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Upregulated miR-146b-3p predicted rheumatoid arthritis development and regulated TNF-α-induced excessive proliferation, motility, and inflammation in MH7A cells



Rheumatoid arthritis (RA) is a chronic immune system disease with a high disability rate threatening the living quality of patients. Identifying potential biomarkers for RA is of necessity to improve the prevention and management of RA.


This study focused on miR-146b-3p evaluating its clinical significance and revealing the underlying regulatory mechanisms.

Materials and methods

A total of 107 RA patients were enrolled, and both serum and synovial tissues were collected. Another 78 osteoarthritis patients (OA, providing synovial tissues), and 72 healthy individuals (providing serum samples) were enrolled as the control group. The expression of miR-146b-3p was analyzed by PCR and analyzed with ROC and Pearson correlation analyses evaluating its significance in diagnosis and development prediction of RA patients. In vitro, MH7A cells were treated with TNF-α. The regulation of cell proliferation, motility, and inflammation by miR-146b-3p was assessed by CCK8, Transwell, and ELISA assays.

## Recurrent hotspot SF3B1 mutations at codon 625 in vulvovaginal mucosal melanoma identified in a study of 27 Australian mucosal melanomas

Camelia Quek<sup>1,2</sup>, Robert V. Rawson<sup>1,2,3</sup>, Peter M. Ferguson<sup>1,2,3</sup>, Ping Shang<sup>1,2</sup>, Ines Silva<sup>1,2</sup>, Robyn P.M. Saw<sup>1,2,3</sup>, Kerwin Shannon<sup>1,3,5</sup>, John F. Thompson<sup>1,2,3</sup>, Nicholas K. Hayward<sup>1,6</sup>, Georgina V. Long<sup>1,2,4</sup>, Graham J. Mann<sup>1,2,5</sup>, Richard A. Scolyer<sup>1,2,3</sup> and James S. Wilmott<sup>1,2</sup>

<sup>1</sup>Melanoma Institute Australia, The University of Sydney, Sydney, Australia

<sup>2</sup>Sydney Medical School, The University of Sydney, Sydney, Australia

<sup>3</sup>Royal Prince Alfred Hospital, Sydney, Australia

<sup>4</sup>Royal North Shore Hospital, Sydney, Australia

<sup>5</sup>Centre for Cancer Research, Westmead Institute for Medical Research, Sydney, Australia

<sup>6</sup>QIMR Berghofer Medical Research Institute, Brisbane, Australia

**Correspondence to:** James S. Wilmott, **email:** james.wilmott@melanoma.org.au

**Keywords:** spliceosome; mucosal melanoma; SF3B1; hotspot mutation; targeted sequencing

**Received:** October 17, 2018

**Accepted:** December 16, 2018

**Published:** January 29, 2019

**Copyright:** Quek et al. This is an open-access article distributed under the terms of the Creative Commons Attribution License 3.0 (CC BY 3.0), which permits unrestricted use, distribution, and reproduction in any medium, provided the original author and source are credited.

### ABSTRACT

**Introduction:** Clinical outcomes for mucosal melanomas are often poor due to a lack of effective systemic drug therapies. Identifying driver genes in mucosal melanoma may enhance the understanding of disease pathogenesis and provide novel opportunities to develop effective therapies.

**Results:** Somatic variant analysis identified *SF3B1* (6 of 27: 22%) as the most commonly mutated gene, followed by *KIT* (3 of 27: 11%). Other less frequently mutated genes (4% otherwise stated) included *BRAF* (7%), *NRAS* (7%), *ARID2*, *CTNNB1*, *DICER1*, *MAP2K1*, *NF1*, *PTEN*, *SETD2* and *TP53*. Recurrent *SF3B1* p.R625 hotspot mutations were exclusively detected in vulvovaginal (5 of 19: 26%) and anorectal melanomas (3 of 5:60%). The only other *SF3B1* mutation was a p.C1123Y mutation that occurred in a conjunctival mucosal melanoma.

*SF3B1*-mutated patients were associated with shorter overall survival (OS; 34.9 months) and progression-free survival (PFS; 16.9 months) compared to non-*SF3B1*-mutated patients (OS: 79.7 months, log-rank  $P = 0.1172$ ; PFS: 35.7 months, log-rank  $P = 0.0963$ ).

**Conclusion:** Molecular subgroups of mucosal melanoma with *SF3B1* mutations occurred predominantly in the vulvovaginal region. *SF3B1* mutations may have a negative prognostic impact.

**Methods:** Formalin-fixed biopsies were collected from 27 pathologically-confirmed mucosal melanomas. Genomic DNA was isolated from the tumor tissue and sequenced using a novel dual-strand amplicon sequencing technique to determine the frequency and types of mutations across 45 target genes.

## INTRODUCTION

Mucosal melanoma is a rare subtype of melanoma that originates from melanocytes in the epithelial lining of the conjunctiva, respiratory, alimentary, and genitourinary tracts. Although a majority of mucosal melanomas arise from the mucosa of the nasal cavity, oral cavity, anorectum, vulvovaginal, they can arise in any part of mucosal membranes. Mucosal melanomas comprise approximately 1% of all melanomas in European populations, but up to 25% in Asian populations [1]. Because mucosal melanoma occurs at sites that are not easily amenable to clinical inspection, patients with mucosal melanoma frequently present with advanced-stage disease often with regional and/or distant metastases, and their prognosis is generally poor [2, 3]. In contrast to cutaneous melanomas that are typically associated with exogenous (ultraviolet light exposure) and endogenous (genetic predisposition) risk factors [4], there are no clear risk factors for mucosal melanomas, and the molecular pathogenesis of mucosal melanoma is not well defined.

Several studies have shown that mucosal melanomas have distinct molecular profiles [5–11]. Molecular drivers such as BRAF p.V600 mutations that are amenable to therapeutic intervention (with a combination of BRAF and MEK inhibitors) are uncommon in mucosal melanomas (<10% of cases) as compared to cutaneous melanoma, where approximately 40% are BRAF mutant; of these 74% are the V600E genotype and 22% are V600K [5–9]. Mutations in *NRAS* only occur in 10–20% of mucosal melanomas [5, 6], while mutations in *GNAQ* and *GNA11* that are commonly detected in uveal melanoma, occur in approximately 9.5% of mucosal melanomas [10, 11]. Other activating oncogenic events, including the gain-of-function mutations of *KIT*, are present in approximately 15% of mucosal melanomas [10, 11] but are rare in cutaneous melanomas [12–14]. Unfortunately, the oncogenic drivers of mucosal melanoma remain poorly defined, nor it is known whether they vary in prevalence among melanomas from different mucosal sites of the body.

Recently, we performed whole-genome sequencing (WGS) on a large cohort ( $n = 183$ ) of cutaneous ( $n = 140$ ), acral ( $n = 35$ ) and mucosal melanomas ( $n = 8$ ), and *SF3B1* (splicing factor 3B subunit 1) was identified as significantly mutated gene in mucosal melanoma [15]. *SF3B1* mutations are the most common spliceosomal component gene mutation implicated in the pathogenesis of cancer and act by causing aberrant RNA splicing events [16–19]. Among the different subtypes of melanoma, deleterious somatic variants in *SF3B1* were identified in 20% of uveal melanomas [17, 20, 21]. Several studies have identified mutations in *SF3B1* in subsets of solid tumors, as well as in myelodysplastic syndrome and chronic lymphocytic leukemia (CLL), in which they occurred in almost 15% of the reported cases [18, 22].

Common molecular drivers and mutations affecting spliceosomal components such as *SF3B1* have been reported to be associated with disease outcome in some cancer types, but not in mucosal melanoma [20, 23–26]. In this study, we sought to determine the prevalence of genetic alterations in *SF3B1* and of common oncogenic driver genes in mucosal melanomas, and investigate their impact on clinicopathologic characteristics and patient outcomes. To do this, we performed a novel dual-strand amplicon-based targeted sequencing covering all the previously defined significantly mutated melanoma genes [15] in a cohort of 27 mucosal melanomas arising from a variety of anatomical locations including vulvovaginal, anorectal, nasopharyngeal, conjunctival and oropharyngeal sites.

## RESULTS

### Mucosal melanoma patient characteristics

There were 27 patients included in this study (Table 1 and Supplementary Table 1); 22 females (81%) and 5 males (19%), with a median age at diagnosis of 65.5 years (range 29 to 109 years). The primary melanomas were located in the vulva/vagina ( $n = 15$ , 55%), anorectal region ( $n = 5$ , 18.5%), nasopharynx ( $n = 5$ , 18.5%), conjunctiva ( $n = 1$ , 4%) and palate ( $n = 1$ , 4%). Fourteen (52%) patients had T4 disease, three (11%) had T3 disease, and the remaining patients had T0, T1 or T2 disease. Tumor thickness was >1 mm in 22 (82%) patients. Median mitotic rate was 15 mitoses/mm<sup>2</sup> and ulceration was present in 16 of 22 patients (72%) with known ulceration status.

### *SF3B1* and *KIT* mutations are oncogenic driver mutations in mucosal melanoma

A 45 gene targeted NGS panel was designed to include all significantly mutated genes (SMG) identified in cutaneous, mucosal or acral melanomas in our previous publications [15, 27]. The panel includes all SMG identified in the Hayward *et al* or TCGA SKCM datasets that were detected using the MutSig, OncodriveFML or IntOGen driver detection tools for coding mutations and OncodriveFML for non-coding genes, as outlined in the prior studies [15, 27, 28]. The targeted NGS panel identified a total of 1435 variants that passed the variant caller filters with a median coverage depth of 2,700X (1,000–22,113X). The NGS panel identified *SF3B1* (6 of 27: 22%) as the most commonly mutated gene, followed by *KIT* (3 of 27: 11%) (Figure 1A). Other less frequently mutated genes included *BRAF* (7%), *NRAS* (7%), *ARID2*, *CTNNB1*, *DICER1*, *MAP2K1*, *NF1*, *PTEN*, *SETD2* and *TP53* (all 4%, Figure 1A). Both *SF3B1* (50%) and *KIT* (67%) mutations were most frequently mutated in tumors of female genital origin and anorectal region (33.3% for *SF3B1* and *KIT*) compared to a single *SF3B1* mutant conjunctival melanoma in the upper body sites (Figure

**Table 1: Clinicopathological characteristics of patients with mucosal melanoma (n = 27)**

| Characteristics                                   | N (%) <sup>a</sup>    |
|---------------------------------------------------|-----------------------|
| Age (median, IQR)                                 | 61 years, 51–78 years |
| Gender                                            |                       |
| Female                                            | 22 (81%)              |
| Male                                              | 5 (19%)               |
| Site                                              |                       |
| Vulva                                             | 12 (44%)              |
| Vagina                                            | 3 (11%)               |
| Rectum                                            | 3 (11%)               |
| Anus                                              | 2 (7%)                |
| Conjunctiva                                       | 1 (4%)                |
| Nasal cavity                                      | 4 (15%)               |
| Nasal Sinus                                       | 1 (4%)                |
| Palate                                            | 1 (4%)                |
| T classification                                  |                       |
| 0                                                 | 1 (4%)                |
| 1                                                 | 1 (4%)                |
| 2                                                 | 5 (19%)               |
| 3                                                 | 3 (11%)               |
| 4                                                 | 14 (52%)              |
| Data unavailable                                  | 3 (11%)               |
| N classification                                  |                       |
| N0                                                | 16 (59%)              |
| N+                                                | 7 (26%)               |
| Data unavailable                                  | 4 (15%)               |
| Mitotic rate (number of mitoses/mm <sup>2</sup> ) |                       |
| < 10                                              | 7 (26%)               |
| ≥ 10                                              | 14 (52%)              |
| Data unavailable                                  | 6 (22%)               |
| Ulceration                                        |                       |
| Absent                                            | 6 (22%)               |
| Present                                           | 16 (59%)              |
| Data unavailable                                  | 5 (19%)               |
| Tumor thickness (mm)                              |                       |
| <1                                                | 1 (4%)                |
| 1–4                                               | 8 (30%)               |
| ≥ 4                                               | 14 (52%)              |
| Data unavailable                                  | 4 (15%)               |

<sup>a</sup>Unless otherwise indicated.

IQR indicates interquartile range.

Significant upregulation of miR-146b-3p was observed in serum and synovial tissues of RA patients, which distinguished RA patients and were positively correlated with the erythrocyte sedimentation rate (ESR), C-reactive protein (CRP), anti-cyclic citrullinated peptide antibodies (anti-CCP), and rheumatoid factor (RF) of RA patients. TNF-α promoted the proliferation and motility of MH7A cells and induced significant inflammation in cells. Silencing miR-146b-3p alleviated the effect of TNF-α and negatively regulated the expression of HMGCR. The knockdown of HMGCR reversed the protective effect of miR-146b-3p silencing on TNF-α-stimulated MH7A cells.


Increased miR-146b-3p served as a biomarker for the diagnosis and severity of RA. Silencing miR-146b-3p could suppress TNF-α-induced excessive proliferation, motility, and inflammation via regulating HMGCR in MH7A cells.

Peer Review reports